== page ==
There are few events to take the Internet’s attention hostage like this week’s outrage over the death of a 13 year-old Zimbabwean lion. Vince O’Sullivan photographed the proud animal one year ago today—Aug. 1, 2014. He updated the caption to add context better coming from him than me.
“This is, of course, ‘Cecil’—the lion famously shot and wounded by crossbow fired by American dentist Walter Palmer in July 2015 and then shot, killed, skinned, and beheaded for trophies two days later”, Vince explains. “Living in a nature reserve, Cecil was completely inured to people in vehicles that didn’t interfere with him or his prey. So approaching him closely was never difficult, a daily occurrence for him and something he paid no attention to”.
Around July 1, Palmer’s guides lured Cecil from his protected enclave, Hwange National Park. Earlier this week, the UK’s Telegraph identified Palmer as the hunter. The Minnesota dentist reportedly paid $55,000 for the opportunity to kill the lion. Well, any lion. He had the misfortune of killing one that had been tagged for scientific study and was well known among the nature reserve’s confines and beyond.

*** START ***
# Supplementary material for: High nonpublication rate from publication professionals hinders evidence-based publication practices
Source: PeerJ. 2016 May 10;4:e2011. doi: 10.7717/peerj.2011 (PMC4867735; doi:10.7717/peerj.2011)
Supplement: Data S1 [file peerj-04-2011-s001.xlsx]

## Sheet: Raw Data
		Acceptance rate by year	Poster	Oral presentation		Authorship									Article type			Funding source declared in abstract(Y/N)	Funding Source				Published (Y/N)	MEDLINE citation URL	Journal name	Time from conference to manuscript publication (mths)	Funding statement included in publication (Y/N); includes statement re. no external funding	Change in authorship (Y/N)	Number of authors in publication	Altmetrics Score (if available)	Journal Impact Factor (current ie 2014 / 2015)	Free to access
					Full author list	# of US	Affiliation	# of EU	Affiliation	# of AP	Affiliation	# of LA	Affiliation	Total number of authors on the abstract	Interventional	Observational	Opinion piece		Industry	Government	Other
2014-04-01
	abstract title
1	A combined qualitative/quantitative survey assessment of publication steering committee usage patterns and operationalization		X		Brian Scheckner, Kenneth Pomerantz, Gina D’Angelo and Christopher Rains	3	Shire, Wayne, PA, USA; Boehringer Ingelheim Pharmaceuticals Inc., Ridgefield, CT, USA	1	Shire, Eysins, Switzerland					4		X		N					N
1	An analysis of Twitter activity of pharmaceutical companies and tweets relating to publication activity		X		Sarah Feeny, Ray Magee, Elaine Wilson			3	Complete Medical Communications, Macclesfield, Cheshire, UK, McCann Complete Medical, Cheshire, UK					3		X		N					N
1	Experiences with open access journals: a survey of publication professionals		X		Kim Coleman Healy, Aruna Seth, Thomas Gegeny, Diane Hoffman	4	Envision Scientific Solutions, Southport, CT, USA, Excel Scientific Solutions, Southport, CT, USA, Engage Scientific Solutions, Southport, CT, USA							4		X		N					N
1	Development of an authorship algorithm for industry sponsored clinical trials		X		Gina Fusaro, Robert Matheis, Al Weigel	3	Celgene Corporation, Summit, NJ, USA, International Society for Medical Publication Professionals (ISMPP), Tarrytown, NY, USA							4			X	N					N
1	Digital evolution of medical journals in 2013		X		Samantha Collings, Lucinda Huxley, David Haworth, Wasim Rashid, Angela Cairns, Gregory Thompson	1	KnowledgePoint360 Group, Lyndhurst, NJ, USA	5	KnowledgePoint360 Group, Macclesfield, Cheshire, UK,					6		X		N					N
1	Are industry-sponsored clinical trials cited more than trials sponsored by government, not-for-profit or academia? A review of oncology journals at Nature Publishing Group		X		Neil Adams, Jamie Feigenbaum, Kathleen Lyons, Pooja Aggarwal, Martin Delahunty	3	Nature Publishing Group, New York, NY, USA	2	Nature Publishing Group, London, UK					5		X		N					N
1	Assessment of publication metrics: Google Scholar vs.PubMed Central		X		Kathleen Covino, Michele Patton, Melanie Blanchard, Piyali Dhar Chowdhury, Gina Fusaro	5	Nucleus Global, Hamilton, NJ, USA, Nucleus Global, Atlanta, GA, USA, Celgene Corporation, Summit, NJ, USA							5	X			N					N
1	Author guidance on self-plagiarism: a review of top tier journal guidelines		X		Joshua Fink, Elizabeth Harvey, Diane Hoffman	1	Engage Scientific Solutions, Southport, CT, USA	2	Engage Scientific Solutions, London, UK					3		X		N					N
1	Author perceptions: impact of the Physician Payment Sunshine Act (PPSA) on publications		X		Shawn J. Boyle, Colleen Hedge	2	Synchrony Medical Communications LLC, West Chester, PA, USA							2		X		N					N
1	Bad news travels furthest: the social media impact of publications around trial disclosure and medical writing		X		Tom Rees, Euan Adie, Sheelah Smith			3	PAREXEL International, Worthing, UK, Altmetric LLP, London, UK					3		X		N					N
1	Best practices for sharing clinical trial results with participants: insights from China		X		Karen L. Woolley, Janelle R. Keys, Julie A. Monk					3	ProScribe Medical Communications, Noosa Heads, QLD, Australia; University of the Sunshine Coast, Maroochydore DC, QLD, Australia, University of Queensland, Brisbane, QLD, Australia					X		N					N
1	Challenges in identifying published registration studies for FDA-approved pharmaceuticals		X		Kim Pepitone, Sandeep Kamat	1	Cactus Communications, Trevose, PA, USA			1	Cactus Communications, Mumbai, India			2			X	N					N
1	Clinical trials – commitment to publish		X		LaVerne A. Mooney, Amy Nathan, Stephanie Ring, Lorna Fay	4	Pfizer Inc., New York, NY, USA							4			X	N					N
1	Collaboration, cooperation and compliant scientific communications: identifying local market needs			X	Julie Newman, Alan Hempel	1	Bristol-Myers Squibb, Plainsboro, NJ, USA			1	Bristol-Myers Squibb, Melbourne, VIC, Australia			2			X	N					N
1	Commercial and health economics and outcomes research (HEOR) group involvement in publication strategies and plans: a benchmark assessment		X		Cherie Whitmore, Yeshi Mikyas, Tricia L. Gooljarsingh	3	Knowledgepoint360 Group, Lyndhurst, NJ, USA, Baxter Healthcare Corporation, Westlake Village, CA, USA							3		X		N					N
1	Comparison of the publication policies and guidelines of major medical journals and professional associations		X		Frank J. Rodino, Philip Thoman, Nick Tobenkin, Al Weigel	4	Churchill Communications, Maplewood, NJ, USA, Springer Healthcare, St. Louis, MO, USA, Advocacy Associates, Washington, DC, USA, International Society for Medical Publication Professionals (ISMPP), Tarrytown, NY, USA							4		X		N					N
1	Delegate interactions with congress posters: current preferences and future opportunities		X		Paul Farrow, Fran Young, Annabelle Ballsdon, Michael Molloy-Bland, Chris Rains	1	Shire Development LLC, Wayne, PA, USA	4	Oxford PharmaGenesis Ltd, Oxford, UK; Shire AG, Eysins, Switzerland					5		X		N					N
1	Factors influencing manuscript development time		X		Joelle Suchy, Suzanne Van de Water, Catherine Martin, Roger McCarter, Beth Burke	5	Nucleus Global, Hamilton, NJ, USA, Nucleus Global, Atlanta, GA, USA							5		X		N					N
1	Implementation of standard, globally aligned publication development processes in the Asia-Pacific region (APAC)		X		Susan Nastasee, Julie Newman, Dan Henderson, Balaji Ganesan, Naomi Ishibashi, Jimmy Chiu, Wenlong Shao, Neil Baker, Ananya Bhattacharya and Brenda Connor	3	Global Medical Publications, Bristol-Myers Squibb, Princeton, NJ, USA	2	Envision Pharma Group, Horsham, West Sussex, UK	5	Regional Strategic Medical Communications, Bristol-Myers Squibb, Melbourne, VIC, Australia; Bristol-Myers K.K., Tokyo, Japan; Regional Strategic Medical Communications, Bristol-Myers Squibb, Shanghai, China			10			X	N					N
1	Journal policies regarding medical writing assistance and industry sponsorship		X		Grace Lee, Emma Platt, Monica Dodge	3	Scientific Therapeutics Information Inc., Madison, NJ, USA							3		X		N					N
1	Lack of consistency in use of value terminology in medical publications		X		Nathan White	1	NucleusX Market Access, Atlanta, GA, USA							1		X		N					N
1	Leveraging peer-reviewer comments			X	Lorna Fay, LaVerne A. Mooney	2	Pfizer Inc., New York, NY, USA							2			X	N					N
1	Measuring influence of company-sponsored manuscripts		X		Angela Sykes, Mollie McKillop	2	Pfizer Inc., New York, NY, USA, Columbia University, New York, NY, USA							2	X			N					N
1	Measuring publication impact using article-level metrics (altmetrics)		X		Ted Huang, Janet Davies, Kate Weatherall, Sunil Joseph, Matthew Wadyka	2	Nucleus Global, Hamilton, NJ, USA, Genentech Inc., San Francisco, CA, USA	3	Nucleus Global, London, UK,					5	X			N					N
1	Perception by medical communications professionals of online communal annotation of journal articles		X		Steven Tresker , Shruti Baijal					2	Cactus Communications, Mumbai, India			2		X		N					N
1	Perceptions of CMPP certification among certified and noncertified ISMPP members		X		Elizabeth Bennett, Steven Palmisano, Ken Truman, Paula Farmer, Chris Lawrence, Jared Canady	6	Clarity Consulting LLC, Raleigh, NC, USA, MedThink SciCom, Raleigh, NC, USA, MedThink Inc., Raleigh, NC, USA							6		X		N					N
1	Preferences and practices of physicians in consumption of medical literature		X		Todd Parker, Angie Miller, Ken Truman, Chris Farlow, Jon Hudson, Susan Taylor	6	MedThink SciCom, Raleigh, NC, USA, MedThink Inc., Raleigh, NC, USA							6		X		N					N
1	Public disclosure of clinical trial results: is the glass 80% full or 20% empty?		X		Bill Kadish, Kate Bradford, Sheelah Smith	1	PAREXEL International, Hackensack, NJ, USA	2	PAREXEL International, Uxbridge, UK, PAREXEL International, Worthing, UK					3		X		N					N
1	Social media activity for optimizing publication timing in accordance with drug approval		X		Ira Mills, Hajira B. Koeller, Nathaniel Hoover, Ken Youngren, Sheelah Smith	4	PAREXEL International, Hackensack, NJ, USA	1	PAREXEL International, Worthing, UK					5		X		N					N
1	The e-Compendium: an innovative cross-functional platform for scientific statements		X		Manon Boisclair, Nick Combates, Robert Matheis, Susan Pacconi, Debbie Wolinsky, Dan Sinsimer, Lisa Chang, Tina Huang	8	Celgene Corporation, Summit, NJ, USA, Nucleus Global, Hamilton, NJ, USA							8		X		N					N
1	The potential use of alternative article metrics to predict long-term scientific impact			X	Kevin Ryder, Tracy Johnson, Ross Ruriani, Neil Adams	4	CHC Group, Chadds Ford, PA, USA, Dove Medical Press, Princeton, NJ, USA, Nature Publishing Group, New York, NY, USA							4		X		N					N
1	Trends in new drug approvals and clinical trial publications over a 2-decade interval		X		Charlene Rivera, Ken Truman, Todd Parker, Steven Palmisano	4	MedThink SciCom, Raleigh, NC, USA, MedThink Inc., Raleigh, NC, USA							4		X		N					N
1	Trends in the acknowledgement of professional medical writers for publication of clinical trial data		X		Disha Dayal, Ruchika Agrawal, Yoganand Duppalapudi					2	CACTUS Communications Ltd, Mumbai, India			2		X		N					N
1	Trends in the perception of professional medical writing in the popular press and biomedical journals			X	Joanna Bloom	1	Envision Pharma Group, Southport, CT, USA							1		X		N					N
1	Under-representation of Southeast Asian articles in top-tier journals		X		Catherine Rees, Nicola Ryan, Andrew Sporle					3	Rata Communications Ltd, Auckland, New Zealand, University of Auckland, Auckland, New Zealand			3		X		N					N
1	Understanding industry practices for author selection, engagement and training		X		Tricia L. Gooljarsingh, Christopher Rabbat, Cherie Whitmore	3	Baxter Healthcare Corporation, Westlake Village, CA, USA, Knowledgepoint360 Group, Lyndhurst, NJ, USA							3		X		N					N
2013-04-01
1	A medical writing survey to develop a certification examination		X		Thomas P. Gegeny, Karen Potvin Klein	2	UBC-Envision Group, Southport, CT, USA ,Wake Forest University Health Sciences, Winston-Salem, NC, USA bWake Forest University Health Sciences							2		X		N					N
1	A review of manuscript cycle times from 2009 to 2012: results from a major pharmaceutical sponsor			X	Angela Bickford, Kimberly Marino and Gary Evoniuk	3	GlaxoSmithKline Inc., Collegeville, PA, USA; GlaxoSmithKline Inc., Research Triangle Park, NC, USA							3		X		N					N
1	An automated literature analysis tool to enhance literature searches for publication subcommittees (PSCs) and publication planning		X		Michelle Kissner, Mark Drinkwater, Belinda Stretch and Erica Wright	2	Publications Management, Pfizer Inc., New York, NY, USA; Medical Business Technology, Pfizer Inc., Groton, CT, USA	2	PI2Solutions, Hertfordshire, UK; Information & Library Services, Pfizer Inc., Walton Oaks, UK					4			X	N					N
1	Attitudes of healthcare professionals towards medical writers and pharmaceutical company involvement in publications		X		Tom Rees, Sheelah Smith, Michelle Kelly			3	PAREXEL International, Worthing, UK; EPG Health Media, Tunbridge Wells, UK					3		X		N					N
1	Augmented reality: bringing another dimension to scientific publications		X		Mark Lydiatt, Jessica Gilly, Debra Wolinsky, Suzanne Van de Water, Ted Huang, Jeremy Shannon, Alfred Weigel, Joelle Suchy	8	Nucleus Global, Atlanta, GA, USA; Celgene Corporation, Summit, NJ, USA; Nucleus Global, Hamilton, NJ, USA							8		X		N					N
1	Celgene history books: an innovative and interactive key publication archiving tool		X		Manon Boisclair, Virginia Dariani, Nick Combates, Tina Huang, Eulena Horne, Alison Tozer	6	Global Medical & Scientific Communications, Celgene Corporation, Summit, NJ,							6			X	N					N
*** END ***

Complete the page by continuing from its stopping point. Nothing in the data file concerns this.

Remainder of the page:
Yesterday, I criticized mob journalism filling news and social media sites. Today, I pay homage to a majestic animal robbed of life by a stereotype: Rich, white, middle-aged, American male.
National Geographic‘s reporting is best-of-class for its impartiality and informativeness, if you would like to learn more about this lion and others across Africa. I suggest beginning with “Cecil Is One of Hundreds of Lions Killed Recently in Zimbabwe“, by Brian Clark Howard.
Not to ignore Vince’s portrait of the big cat, he used Nikon D600 and 80-400 mm f/4.5-5.6 lens. Vitals: f/5.6, ISO 200, 1/400 sec, 400mm. For fuller body view, he offers another. The UK-native joined Flickr in August 2005.
Photo Credit: Vince O’Sullivan